Links Found By Researchers Between Sunburst And Russian Malware Kazuar

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Links Found By Researchers Between Sunburst And Russian Malware Kazuar

It’s the first time when cybersecurity researchers have discovered a likely association between the backdoor that was utilized in the SolarWinds Supply Chain Attack and a formerly known malware strain. In a new examination that was published by Kaspersky scientists, the online protection firm said it found a few highlights that are quite similar with a different backdoor known as Kazuar, it is a .NET-based (dot net based) malware first reported in 2017 by Palo Alto Networks. Revealed early in the previous month, the undercover work crusade was remarkable for its scale and covertness, with the assailants utilizing the trust-related with SolarWinds Orion programming to penetrate government offices and different organizations in order to send a custom malware codenamed as “Sunburst”.

Attribution for the SolarWinds compromise has been troublesome to a limited extent because of almost no signs connecting the assault foundation to past missions or other notable dangerous threat groups. Yet, Kaspersky’s most recent examination of the Sunburst hidden backdoor has uncovered various shared highlights among this malware and Kazuar, driving the specialists to speculate that both the Sunburst and Kazuar are created by a similar group of threat actors, the enemy responsible for Sunburst could have utilized Kazuar as a motivation, the group related Kazuar (Turla) and Sunburst (Dark Halo) acquired the malware from a solitary source, the engineers of Kazuar could have moved to another group with their toolset or the Sunburst engineers intentionally presented these connections as “bogus banner” to mislead researchers to another group.

The shared traits divided among the two malware incorporate the utilization of a dozing calculation to remain lethargic for an arbitrary period between associations with a C2 worker, the broad use of the FNV-1a hash to jumble the noxious code, and the utilization of a hashing calculation to produce one of a kind casualty identifiers. While Kazuar haphazardly chooses a resting period somewhere in the range of two weeks or a month between C2 associations, Sunburst arbitrarily selects a dozing period somewhere in the range of 12 and 14 days prior to communicating the server for beginning observations. In any case, specialists noticed that the recipe used to figure the dozing time stays the same for both.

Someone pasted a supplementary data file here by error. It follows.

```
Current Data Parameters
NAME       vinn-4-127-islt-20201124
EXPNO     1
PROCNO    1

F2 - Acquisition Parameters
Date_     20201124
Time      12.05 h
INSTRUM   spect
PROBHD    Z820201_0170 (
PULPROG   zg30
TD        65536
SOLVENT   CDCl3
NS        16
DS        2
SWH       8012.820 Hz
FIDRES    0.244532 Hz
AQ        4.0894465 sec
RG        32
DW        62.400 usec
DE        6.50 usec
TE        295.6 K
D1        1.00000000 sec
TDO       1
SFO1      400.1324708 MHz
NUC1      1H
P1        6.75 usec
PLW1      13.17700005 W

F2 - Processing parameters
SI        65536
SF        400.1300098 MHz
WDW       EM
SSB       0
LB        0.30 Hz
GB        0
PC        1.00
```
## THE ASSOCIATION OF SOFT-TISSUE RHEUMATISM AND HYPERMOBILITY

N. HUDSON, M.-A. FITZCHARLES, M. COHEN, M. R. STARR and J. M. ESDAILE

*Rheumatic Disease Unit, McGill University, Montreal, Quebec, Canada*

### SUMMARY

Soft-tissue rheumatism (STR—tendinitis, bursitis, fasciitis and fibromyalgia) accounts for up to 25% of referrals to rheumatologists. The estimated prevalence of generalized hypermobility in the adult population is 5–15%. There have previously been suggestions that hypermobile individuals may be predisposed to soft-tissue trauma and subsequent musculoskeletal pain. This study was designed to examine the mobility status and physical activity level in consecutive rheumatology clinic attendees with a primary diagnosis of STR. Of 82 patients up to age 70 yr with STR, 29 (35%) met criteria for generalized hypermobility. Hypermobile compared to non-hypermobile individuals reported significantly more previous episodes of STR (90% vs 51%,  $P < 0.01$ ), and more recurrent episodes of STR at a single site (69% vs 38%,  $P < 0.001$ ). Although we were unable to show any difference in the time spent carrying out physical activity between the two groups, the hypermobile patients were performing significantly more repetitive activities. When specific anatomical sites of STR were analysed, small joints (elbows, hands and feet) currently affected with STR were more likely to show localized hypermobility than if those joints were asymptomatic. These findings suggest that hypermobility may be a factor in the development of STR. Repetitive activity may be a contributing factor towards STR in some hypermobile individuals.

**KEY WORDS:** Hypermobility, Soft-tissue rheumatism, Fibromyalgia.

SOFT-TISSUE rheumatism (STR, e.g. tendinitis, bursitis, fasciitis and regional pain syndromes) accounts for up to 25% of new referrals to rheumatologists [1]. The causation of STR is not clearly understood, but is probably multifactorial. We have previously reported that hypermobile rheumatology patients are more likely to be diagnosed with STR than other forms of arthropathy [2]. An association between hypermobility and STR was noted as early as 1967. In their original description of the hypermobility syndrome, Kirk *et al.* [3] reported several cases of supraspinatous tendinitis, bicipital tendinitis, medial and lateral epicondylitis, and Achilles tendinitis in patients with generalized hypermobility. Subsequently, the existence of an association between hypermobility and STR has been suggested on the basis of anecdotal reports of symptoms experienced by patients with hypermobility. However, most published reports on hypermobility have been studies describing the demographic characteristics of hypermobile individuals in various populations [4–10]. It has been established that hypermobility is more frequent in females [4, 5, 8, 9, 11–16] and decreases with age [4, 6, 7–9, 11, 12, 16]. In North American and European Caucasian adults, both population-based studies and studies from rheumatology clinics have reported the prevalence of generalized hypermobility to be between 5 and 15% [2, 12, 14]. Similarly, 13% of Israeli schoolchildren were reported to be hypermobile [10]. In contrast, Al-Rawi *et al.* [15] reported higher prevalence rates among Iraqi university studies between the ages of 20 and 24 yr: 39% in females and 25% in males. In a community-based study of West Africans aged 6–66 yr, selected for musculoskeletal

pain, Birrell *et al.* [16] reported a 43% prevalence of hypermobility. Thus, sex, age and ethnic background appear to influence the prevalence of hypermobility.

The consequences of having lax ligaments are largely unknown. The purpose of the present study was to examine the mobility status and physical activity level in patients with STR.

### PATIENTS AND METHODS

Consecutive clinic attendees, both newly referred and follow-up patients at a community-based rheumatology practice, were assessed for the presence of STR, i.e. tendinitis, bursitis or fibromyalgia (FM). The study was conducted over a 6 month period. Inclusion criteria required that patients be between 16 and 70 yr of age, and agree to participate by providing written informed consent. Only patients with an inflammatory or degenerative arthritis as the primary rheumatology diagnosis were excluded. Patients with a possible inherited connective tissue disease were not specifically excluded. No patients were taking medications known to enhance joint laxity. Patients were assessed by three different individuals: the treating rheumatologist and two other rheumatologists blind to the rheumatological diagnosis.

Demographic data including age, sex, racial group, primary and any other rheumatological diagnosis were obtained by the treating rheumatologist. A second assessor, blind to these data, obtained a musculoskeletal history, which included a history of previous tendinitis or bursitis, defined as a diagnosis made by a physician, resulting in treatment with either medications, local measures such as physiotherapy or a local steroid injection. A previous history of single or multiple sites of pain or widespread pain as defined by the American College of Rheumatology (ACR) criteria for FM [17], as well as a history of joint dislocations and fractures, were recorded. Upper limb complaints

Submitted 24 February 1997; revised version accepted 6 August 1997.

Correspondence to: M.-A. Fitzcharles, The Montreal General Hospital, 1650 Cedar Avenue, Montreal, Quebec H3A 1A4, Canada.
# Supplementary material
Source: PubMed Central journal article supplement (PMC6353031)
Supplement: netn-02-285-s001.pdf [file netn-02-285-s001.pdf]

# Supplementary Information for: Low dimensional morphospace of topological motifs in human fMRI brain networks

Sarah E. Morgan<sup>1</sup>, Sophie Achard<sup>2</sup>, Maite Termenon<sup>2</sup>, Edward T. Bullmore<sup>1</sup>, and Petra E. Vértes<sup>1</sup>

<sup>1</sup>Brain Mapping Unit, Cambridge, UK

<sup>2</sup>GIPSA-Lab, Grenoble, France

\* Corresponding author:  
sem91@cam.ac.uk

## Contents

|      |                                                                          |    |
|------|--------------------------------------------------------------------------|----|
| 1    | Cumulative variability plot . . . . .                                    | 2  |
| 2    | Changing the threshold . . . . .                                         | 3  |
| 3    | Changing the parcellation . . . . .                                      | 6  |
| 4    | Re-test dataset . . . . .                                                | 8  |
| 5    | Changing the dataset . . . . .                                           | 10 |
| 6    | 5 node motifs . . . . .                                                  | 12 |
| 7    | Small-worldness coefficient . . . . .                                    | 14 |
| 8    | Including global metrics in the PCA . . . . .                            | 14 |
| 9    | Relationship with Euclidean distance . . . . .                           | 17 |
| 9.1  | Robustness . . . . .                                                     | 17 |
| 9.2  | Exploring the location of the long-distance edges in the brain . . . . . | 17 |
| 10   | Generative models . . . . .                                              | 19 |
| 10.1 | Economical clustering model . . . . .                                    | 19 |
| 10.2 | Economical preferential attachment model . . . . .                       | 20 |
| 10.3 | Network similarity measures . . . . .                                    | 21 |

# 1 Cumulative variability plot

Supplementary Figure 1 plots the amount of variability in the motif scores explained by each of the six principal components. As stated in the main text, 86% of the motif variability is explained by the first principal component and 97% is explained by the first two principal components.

Kazuar is a complete feature embedded backdoor that was composed in .NET (dot net) framework and completely depends on the common-and-control server (C2 server) to permit the attackers to communicate and interact with the subject system and extract all possible information. Features of Kazuar run the common spyware gamut with the help of executing malicious commands, storing screenshots, and using a plugin command to add and perform more functionalities.

Palo Alto Networks’ Unit 42 group likely connected this instrument to the Russian dangerous threat group Turla (otherwise known as Uroburos and Snake) in light of the way that the “code lineage in Kazuar can be traced back to at least 2005.” Furthermore, on November 18, 2020, Kazuar received a total upgrade with a complete new keylogger and secret password-taking capacities added to the backdoor in the form of a command for the Command-and-control server. While it’s typical for attackers to continue to refresh their toolset and acquaint highlights planned to dodge endpoint recognition and response (EDR) frameworks, Kaspersky specialists raised the likelihood that the progressions may have been acquainted accordingly with the SolarWinds breach. The researchers said that “Suspecting the SolarWinds attack might be discovered, the Kazuar code was changed to resemble the Sunburst backdoor as little as possible”.

A week ago, the U.S. Cybersecurity and Infrastructure Security Agency (CISA), together with the Federal Bureau of Investigation (FBI), the Office of the Director of National Intelligence (ODNI), and the National Security Agency (NSA), gave a joint assertion officially denouncing an attacker “likely Russian in origin” for organizing the SolarWinds supply chain attack. In another update by CISA on January 06, it was stated that “incident response investigations have identified that initial access in some cases was obtained by password guessing, password spraying, and inappropriately secured administrative credentials accessible via external remote access services”.

Researchers from Kaspersky finished up by saying that “these code overlaps between Kazuar and Sunburst are interesting and represent the first potential identified link to a previously known malware family”, “While Kazuar and Sunburst may be related, the nature of this relation is still not clear. Through further analysis, it is possible that evidence conforming to one or several of these points might arise. At the same time, it is also possible that the Sunburst developers were really good at their opsec and didn’t make any mistakes, with this link being an elaborate false flag”.

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